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Mark Felt, Who Was ‘Deep Throat’ During Watergate, Dies at 95
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Mark Felt, the man who helped bring down President Richard Nixon as the infamous “Deep Throat” for investigative reporters Bob Woodward and Carl Bernstein, died at his Santa Rosa home Thursday afternoon surrounded by family.

Felt was born in Twin Falls, Idaho on Aug. 17, 1913, the son of carpenter and building contractor Mark Earl Felt and his wife, the former Rose Dygert. He graduated from Twin Falls High School in 1931 and received his B.A. from the University of Idaho in 1935.

After graduation, Felt moved to Washington, D.C. and got his first taste of political life working in the office of Idaho Senator James P. Pope. In 1938, he married Audrey Robinson, a fellow Idahoan who also had moved to Washington, D.C. and whom he had known since they were both students at the University of Idaho.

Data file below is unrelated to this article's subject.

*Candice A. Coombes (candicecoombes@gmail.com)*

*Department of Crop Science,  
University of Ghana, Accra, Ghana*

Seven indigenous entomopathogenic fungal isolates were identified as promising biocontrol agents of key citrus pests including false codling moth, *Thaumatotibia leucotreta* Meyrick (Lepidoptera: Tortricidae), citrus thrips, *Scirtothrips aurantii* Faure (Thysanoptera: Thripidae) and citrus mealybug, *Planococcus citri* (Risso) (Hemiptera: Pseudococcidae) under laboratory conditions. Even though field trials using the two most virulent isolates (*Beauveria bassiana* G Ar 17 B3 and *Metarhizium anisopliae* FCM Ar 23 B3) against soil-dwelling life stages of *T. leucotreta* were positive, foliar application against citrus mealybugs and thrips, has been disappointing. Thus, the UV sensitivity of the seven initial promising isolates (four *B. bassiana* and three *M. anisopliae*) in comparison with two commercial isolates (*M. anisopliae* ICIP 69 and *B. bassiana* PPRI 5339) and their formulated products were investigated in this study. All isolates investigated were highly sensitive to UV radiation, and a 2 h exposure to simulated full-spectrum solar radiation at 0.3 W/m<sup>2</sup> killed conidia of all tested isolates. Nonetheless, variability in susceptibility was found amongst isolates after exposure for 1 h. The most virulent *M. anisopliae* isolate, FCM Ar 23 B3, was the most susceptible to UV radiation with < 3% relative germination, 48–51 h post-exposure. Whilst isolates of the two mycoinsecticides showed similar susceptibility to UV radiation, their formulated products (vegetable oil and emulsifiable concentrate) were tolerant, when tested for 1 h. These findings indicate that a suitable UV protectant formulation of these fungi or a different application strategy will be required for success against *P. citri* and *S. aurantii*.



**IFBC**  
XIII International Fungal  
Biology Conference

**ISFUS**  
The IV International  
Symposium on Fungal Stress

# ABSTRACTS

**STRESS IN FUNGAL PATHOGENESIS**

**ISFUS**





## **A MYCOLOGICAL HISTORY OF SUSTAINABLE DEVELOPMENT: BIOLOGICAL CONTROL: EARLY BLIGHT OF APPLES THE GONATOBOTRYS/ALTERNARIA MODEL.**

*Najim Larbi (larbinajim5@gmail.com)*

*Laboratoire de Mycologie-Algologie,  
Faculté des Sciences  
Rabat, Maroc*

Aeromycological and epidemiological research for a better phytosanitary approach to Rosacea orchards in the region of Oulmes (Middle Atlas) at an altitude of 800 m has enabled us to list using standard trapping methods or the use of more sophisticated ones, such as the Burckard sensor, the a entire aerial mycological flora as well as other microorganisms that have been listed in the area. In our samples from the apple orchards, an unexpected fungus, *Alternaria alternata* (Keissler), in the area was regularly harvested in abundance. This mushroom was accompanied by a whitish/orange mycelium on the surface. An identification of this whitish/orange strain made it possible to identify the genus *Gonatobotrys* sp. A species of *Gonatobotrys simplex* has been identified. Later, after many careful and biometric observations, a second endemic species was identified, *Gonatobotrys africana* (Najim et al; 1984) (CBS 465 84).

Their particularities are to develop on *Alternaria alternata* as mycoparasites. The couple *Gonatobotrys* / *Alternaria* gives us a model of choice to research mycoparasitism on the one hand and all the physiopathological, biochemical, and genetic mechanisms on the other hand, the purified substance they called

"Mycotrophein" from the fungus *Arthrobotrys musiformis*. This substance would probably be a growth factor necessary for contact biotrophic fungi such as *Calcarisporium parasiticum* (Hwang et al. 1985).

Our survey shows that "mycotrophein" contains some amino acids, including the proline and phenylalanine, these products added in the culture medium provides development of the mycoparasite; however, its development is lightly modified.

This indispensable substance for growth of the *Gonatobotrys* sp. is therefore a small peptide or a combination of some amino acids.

In an early indication of both his ambition and propensity for hard work, Felt worked during the day and attended George Washington University Law School at night. He earned his law degree in 1940, and was admitted to the bar in the District of Columbia bar in 1941.

After graduation, Felt took a position at the Federal Trade Commission, but left after only a few months in search of a a more adventurous career.

In his memoir, “The FBI Pyramid” published in 1979, Felt said the FTC had asked him to investigate whether a toilet paper brand called “Red Cross” gave consumers the mistaken impression it was endorsed by the American Red Cross.

World War II was in full swing in January 1942 when Felt went to work for the FBI. He was immediately assigned to the Espionage Section, tracking down Nazi spies operating in the U.S. His investigations led to the arrest of two top-level spies and brought him to the attention of FBI top brass.

According to the Washington Post, it was during this period that Felt learned counter-intelligence tricks that became part of his relationship with the Post reporters: A flowerpot on Woodward’s balcony would indicate that the reporter required a meeting, while a clock face inked on the reporter’s daily New York Times would reveal the time Felt would be waiting in an underground parking garage.

                                      
  



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